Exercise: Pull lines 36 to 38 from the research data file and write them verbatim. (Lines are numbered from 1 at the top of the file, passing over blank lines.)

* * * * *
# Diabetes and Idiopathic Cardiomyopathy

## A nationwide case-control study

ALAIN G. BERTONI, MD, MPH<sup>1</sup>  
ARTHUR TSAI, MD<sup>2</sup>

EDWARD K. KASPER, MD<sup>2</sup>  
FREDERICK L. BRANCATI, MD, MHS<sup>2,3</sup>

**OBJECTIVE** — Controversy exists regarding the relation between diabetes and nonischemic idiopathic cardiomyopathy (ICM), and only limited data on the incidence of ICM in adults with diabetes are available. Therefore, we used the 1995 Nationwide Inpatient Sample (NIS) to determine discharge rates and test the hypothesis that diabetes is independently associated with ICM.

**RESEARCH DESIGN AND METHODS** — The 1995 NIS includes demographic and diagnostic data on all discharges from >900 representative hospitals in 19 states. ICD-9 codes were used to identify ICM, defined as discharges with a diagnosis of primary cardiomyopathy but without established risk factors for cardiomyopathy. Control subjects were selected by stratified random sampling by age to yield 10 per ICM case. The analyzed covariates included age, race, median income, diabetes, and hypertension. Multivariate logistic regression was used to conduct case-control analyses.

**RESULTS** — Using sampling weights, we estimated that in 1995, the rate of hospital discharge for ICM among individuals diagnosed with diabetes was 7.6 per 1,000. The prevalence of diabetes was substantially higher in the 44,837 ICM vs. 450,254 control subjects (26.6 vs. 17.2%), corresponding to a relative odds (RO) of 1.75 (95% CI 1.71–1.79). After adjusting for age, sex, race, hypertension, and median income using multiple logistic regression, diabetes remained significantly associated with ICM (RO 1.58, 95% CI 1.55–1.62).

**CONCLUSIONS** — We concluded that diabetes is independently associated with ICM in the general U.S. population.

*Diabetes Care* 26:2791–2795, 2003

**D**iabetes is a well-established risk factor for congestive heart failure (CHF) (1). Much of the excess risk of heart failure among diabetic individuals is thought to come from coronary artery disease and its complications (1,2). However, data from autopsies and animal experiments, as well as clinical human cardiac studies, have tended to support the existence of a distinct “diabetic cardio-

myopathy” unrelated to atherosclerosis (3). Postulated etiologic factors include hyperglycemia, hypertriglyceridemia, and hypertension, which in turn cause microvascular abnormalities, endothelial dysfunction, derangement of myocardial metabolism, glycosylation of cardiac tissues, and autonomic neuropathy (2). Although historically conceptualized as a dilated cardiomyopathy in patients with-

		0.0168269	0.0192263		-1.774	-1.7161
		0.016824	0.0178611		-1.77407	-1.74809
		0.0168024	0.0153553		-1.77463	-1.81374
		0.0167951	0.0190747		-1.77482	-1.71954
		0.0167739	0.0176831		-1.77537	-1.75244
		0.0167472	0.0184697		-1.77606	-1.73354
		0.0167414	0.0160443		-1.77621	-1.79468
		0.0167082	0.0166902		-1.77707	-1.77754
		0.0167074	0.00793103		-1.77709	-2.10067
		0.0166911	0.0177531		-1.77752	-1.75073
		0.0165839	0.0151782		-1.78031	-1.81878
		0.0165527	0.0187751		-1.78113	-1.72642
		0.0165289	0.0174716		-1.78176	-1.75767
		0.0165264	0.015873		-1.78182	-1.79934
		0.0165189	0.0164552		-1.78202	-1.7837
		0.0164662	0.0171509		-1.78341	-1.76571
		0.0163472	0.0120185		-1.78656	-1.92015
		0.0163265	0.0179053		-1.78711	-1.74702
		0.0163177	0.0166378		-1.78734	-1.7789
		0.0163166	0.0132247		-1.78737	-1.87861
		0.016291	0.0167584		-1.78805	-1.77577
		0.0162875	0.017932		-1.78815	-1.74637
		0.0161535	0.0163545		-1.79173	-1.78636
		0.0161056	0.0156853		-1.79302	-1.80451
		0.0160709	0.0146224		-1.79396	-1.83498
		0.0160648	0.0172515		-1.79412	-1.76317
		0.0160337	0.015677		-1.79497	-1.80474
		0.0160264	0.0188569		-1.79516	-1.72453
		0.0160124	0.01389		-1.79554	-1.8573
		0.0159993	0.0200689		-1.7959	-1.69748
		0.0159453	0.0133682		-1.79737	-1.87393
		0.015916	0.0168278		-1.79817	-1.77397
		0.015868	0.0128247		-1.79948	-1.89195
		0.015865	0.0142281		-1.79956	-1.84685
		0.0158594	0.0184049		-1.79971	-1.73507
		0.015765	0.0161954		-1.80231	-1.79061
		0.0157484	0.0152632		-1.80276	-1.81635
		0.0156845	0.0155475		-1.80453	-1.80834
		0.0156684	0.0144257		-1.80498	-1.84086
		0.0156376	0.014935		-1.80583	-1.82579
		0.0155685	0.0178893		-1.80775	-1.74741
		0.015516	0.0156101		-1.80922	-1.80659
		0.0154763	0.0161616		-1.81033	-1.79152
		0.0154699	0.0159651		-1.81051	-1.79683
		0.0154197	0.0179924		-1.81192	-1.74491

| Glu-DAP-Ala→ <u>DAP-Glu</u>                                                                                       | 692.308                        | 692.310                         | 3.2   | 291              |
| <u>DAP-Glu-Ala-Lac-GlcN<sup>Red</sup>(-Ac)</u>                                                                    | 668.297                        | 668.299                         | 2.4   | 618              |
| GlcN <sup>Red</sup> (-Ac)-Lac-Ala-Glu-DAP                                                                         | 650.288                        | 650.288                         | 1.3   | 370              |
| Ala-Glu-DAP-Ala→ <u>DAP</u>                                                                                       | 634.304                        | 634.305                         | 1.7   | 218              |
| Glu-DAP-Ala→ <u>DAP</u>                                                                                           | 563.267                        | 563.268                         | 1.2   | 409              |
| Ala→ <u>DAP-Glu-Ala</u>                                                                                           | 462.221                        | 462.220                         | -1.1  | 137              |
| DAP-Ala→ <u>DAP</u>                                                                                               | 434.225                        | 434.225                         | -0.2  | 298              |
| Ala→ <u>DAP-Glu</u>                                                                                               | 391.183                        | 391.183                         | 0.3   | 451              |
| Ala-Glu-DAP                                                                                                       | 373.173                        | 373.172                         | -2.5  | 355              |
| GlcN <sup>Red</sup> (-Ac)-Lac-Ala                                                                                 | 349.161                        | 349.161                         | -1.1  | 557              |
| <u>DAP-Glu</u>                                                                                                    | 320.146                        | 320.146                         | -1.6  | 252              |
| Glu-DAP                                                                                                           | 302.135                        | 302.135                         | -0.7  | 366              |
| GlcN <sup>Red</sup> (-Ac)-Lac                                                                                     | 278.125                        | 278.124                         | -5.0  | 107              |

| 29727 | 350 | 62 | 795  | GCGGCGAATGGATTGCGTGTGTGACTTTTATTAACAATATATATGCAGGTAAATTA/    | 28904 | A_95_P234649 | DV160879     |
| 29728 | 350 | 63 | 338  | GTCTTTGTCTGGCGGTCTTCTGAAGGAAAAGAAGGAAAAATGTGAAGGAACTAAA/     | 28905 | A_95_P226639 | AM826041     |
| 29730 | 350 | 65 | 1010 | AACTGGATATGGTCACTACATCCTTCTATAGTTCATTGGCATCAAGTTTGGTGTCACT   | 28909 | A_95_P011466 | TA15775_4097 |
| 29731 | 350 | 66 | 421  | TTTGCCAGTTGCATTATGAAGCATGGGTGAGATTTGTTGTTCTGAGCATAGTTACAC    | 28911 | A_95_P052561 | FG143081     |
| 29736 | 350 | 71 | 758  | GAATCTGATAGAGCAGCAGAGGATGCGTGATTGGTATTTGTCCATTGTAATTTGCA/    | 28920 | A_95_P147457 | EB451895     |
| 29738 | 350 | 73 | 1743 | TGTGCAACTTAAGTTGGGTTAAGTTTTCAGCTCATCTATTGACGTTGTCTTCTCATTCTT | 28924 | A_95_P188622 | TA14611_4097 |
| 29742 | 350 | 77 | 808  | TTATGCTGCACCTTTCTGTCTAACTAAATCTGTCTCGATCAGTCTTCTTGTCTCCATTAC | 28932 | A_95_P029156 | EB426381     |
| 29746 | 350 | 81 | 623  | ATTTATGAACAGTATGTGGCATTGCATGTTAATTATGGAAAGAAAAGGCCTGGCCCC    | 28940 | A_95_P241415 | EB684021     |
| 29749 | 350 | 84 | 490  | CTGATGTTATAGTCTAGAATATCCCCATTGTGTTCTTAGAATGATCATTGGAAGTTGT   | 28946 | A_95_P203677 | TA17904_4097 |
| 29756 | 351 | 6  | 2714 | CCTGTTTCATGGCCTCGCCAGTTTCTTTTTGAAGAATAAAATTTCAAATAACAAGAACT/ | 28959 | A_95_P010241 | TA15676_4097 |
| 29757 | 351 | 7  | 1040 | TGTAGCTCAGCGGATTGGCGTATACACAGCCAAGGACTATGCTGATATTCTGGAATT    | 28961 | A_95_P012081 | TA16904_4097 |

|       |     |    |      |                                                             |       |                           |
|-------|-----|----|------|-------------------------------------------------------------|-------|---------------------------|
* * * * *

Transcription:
		0.0161535	0.0163545		-1.79173	-1.78636
		0.0161056	0.0156853		-1.79302	-1.80451
		0.0160709	0.0146224		-1.79396	-1.83498